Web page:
The average response time to sales leads is on the rise, according to research conducted by InsideSales.com.
Auditing nearly 5,000 sales leads across a number of markets including finance, telecoms and tech, the study found that sales representatives were getting slower in following up leads.
The study used a secret shopper approach to benchmark a company’s response to web leads via company websites, and found that the average response time was 38 hours and 35 minutes, up from 31 hours and 37 minutes in June 2016, an increase of 22%.
It also found that half of all leads don’t receive a personalised response, whilst 28.4% of first email responses were automatically generated.
“The recent transformation of the sales process, where better analysis of data has left cold calls a thing of the past, makes these results particularly worrying for businesses,” said Martin Moran, vice president of EMEA at InsideSales.com.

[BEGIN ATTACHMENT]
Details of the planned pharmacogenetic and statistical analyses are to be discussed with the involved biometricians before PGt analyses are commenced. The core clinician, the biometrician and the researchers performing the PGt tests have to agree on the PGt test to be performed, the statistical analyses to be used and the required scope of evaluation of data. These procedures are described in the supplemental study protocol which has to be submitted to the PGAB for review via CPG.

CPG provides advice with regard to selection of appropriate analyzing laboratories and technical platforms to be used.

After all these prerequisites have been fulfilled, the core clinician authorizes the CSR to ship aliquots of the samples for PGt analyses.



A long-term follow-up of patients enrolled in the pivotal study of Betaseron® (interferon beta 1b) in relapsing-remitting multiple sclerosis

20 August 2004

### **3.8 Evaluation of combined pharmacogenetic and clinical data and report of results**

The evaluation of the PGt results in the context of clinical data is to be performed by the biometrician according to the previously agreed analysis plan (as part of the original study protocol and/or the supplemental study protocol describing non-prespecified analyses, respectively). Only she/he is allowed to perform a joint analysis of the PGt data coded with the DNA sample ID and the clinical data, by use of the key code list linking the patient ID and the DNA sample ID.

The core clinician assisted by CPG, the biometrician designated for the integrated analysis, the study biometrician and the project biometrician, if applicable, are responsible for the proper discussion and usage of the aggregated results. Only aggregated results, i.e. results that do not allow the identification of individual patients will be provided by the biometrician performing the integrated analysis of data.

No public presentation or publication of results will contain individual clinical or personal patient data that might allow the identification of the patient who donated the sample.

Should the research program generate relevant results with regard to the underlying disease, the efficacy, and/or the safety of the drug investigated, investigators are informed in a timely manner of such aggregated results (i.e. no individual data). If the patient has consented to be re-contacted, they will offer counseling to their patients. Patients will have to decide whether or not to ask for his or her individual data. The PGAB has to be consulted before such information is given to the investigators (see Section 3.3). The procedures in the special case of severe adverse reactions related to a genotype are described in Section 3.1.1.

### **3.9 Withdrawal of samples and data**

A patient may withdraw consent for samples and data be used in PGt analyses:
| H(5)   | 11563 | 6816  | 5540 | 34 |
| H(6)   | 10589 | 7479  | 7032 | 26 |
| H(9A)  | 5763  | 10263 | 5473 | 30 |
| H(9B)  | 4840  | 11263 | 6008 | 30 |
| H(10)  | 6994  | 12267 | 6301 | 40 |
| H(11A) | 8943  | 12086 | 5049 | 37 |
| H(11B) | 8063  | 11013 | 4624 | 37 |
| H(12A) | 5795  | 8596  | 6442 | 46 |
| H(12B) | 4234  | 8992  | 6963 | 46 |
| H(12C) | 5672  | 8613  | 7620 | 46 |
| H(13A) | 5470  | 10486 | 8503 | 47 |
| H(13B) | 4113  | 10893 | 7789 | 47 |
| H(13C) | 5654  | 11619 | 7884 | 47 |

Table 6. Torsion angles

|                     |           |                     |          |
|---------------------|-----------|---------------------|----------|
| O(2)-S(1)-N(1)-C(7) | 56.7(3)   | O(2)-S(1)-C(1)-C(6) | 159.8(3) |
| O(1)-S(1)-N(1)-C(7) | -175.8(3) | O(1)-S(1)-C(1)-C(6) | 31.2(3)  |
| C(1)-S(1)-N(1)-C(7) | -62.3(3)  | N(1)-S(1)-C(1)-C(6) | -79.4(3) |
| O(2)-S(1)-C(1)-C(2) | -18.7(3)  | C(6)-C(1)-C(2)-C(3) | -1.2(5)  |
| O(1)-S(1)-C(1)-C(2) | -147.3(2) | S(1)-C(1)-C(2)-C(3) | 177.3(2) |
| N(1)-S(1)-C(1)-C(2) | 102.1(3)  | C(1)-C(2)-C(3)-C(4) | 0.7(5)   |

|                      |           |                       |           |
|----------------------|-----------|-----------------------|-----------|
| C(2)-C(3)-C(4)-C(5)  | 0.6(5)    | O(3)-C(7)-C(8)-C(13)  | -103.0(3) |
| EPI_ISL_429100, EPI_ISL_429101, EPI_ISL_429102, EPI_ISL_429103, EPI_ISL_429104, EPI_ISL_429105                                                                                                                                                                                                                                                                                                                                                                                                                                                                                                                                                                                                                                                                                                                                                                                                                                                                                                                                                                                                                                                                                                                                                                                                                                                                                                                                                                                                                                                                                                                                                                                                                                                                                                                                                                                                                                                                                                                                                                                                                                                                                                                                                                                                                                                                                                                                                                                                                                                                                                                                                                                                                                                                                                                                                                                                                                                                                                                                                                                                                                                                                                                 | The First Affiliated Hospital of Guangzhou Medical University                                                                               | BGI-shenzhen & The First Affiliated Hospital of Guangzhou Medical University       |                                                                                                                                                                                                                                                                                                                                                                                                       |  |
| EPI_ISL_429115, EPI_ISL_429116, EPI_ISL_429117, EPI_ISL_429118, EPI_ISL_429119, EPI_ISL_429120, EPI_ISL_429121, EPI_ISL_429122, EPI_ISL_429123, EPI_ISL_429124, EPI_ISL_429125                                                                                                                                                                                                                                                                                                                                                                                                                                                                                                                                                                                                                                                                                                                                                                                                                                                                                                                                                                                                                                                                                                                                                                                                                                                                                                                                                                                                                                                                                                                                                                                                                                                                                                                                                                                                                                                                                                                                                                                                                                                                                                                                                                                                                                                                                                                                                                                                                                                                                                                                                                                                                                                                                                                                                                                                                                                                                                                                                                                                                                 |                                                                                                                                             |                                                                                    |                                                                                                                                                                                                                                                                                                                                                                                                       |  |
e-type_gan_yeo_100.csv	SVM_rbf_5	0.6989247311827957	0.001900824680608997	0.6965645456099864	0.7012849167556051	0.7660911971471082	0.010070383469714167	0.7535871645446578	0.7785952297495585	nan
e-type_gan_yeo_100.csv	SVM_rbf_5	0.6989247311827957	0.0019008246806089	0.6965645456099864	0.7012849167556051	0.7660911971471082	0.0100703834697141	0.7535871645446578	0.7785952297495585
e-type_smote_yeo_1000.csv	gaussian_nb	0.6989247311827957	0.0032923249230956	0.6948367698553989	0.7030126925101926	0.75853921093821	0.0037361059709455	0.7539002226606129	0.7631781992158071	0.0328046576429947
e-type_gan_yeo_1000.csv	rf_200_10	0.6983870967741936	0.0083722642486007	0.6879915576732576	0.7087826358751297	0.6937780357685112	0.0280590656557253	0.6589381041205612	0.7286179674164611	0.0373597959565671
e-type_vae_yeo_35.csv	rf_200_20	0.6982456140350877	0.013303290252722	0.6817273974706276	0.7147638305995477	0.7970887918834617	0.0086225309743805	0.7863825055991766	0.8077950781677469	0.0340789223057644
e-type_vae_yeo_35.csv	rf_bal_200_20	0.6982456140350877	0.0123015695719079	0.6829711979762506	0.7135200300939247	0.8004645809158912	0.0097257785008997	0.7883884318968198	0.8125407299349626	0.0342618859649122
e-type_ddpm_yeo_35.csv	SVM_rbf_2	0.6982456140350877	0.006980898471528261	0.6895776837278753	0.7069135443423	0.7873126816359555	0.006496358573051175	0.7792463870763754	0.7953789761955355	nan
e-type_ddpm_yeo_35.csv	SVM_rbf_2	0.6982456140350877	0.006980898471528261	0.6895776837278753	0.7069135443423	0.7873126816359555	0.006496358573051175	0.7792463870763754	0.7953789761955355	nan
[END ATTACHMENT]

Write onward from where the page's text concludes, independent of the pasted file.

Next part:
“Prospects are expecting a more personalised sales experience than ever before, particularly as an increasing number of sales teams now employ data driven analytics and insights in equal measures to better target accounts. The fact that half of all inquiries never even receive a personalised response seriously diminishes the value of this investment.”
77% of leads did not receive a phone call at all, despite the research finding it to be the most successful form of contact for following up sales inquiries.
The sharp decline in response approach is difficult to fathom, given the economic uncertainty surrounding many business decisions and the fact that sales targets are becoming harder and harder to hit.
57% of a consumer’s buying decision is completed before they are “willing” to talk to a sales rep, while 77% of B2B buyers don’t ever talk to a salesperson until after they have performed independent research into a product or service.
A survey of sales leaders by Artesian in 2015 stated that three-quarters of sales forces did not hit their targets on a regular basis, and that 30% of the respondents’ sales teams were viewed as “weak or struggling”.